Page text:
Self-management

Prevention

Because it's not possible to know how you'll react to a particular medication, toxic hepatitis can't always be prevented. But you may reduce your risk of liver problems if you:

  • Limit medications. Take prescription and nonprescription drugs only when absolutely necessary. Investigate nondrug options for common problems such as high blood pressure, high cholesterol and arthritis pain.
  • Take medications only as directed. Follow the directions exactly for any drug you take. Don't exceed the recommended amount, even if your symptoms don't seem to improve. Because the effects of over-the-counter pain relievers sometimes wear off quickly, it's easy to take too much.
  • Be cautious with herbs and supplements. Don't assume that a natural product won't cause harm. Discuss the benefits and risks with your doctor before taking herbs and supplements. The National Institutes of Health maintains the LiverTox website where you can look up medications and supplements to see if they are linked to liver damage.
  • Don't mix alcohol and drugs. Alcohol and medications are a bad combination. If you're taking acetaminophen, don't drink alcohol. Ask your doctor or pharmacist about the interaction between alcohol and other prescription and nonprescription drugs you use.
  • Take precautions with chemicals. If you work with or use hazardous chemicals, take all necessary precautions to protect yourself from exposure. If you do come in contact with a harmful substance, follow the guidelines in your workplace, or call your local emergency services or your local poison control center for help.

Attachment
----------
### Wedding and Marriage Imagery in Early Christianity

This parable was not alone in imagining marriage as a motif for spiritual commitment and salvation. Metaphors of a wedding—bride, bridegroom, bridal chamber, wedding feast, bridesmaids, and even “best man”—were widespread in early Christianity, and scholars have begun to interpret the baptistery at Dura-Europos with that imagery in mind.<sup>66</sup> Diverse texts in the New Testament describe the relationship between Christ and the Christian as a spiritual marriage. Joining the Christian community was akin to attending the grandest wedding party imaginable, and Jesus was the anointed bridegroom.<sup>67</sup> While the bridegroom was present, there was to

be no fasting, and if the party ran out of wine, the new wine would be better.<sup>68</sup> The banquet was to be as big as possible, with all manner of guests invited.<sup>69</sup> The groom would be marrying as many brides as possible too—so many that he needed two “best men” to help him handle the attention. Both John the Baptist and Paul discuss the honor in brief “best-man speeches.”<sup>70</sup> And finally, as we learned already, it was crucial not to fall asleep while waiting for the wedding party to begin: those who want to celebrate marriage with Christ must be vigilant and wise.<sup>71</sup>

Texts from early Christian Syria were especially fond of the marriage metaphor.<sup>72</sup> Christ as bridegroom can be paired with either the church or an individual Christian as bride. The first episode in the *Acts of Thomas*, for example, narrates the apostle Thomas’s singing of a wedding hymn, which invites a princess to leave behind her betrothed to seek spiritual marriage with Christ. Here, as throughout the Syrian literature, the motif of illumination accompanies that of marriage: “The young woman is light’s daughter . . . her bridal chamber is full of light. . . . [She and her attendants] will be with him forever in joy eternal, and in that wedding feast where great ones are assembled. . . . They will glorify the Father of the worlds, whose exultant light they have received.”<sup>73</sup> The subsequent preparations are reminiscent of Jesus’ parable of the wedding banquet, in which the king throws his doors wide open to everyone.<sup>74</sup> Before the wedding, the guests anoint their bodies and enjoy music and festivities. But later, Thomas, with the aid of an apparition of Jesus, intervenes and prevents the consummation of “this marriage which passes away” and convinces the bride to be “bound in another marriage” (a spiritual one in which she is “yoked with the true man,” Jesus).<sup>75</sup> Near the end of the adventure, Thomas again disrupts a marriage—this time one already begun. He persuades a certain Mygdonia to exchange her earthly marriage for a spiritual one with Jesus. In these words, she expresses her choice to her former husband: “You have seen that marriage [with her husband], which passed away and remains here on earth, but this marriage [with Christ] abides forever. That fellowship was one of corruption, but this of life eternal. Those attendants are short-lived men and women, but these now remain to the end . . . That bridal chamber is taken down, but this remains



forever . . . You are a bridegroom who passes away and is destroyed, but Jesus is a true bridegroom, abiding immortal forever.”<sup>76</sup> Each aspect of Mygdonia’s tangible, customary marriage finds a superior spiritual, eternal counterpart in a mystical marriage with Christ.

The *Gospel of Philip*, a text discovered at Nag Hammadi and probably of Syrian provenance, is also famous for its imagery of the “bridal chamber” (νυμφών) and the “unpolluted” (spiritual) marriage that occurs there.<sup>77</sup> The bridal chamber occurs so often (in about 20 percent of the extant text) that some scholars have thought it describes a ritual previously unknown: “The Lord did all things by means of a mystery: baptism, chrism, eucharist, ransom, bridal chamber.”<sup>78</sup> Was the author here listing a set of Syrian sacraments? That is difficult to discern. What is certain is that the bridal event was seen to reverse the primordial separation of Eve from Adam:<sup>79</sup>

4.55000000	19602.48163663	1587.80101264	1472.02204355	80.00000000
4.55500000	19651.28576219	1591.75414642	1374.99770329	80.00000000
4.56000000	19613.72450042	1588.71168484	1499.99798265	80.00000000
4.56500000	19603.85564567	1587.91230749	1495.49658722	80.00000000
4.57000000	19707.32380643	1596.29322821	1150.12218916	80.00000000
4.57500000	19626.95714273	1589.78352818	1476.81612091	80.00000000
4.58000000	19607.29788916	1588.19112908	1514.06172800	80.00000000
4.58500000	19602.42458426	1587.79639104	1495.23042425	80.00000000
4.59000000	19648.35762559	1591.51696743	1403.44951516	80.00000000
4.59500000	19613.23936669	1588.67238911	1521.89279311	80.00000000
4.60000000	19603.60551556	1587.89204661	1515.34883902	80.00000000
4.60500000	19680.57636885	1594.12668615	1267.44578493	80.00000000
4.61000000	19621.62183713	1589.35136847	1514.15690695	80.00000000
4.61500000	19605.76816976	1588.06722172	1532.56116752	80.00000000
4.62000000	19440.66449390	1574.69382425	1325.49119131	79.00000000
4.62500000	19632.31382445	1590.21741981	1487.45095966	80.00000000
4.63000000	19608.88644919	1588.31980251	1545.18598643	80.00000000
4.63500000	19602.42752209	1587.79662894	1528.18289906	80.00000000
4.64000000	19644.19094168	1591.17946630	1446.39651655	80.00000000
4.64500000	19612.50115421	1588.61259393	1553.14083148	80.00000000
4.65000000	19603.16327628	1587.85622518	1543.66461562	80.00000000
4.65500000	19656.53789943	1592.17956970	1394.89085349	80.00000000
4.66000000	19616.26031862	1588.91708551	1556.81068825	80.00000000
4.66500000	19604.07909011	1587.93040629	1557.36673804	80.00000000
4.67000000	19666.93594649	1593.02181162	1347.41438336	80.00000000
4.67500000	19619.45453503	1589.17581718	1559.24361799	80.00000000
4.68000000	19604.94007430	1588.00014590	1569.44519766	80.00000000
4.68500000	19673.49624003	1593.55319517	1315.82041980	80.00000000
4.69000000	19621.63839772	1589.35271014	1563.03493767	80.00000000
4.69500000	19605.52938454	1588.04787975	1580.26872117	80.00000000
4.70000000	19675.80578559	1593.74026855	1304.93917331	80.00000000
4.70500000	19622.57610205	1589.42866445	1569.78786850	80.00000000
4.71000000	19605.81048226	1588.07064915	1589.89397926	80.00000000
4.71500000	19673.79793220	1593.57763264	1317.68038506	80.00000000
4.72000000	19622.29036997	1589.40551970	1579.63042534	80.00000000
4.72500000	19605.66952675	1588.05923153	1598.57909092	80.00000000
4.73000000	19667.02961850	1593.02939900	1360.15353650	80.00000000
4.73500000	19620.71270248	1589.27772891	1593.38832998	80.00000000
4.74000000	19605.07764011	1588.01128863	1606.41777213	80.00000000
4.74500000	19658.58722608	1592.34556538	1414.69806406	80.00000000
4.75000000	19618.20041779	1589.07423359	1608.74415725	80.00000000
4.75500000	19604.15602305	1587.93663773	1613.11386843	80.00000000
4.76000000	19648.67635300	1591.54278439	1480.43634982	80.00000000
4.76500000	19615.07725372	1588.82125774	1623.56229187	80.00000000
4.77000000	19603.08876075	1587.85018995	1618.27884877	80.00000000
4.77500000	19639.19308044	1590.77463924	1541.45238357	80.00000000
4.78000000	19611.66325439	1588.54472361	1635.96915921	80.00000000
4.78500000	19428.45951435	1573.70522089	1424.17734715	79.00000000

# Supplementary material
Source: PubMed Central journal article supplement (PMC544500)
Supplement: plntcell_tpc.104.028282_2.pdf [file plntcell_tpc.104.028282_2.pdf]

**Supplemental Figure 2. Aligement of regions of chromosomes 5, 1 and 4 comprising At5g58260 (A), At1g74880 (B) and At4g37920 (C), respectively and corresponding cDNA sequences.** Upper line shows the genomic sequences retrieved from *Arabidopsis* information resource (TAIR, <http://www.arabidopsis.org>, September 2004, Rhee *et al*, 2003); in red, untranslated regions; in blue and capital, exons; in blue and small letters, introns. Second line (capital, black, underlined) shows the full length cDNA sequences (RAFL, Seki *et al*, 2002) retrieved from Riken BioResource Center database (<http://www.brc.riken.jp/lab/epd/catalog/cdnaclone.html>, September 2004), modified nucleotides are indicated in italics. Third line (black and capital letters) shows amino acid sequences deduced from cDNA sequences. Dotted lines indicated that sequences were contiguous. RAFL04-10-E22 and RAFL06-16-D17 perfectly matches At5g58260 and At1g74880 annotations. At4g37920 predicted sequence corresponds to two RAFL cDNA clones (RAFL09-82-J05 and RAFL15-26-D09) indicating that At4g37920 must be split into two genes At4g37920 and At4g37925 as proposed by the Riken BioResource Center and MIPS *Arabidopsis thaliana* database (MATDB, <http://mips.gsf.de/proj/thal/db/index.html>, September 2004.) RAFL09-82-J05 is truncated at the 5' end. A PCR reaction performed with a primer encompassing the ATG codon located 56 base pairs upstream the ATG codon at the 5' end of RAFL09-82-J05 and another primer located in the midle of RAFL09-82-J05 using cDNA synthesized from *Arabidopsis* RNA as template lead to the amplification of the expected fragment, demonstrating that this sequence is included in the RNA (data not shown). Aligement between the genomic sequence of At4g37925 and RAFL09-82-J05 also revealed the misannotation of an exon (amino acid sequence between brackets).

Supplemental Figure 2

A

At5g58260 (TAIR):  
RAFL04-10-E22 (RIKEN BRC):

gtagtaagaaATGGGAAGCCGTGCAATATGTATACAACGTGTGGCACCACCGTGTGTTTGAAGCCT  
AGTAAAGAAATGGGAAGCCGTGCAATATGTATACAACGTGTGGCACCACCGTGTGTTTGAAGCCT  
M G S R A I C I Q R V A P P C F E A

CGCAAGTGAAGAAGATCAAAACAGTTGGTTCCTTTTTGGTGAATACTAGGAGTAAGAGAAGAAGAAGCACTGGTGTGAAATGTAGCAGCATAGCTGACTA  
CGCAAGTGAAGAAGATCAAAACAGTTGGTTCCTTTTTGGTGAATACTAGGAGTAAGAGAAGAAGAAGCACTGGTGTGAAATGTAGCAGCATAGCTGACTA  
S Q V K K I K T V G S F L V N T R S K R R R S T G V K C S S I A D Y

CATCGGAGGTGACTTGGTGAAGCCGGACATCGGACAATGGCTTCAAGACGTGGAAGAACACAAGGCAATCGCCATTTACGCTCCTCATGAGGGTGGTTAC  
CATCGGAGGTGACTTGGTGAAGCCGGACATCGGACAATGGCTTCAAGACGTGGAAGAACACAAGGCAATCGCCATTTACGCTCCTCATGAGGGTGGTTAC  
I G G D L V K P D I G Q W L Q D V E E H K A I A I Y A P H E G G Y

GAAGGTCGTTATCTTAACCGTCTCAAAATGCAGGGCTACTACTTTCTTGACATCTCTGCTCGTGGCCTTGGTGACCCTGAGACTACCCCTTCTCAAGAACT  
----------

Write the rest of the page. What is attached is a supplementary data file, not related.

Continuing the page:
• Keep medications and chemicals away from children. Keep all medications and vitamin supplements away from children and in childproof containers so that children can't accidentally swallow them.
Oct. 04, 2016
References
  1. Feldman M, et al. Hepatic drug metabolism and liver disease caused by drugs. In: Sleisenger and Fordtran's Gastrointestinal and Liver Disease: Pathophysiology, Diagnosis, Management. 10th ed. Philadelphia, Pa.: Saunders Elsevier; 2016. http://www.clinicalkey.com. Accessed Aug. 17, 2016.
  2. Couturier FJ, et al. Toxic hepatitis due to a food supplement: "Natural" is no synonym for "harmless." Clinics and Research in Hepatology and Gastroenterology. In press. Accessed Aug. 17, 2016.
  3. McNally PR, ed. Alcoholic liver disease, alcoholism, and alcohol withdrawal. In: GI/Liver Secrets Plus. 5th ed. Philadelphia, Pa.: Saunders Elsevier; 2015. http://www.clinicalkey.com. Accessed Aug. 17, 2016.
  4. Larson AM. Drug-induced liver injury. http://www.uptodate.com/home. Accessed Aug. 17, 2016.
  5. Larson AM. Hepatotoxicity due to herbal medications and dietary supplements. http://www.uptodate.com/home. Accessed Aug. 17, 2016.
  6. Brown, AC. Liver toxicity related to herbs and dietary supplements: Online table of case reports. Part 3 of 6, Food and Chemical Toxicology. In press. Accessed Aug. 20, 2016.
  7. Feldman M, et al. Liver disease caused by anesthetics, chemicals, toxins, and herbal preparations. In: Sleisenger and Fordtran's Gastrointestinal and Liver Disease: Pathophysiology, Diagnosis, Management. 10th ed. Philadelphia, Pa.: Saunders Elsevier; 2016. http://www.clinicalkey.com. Accessed Aug. 17, 2016.
  8. Picco MF (expert opinion). Mayo Clinic, Rochester, Minn. Aug. 29, 2016.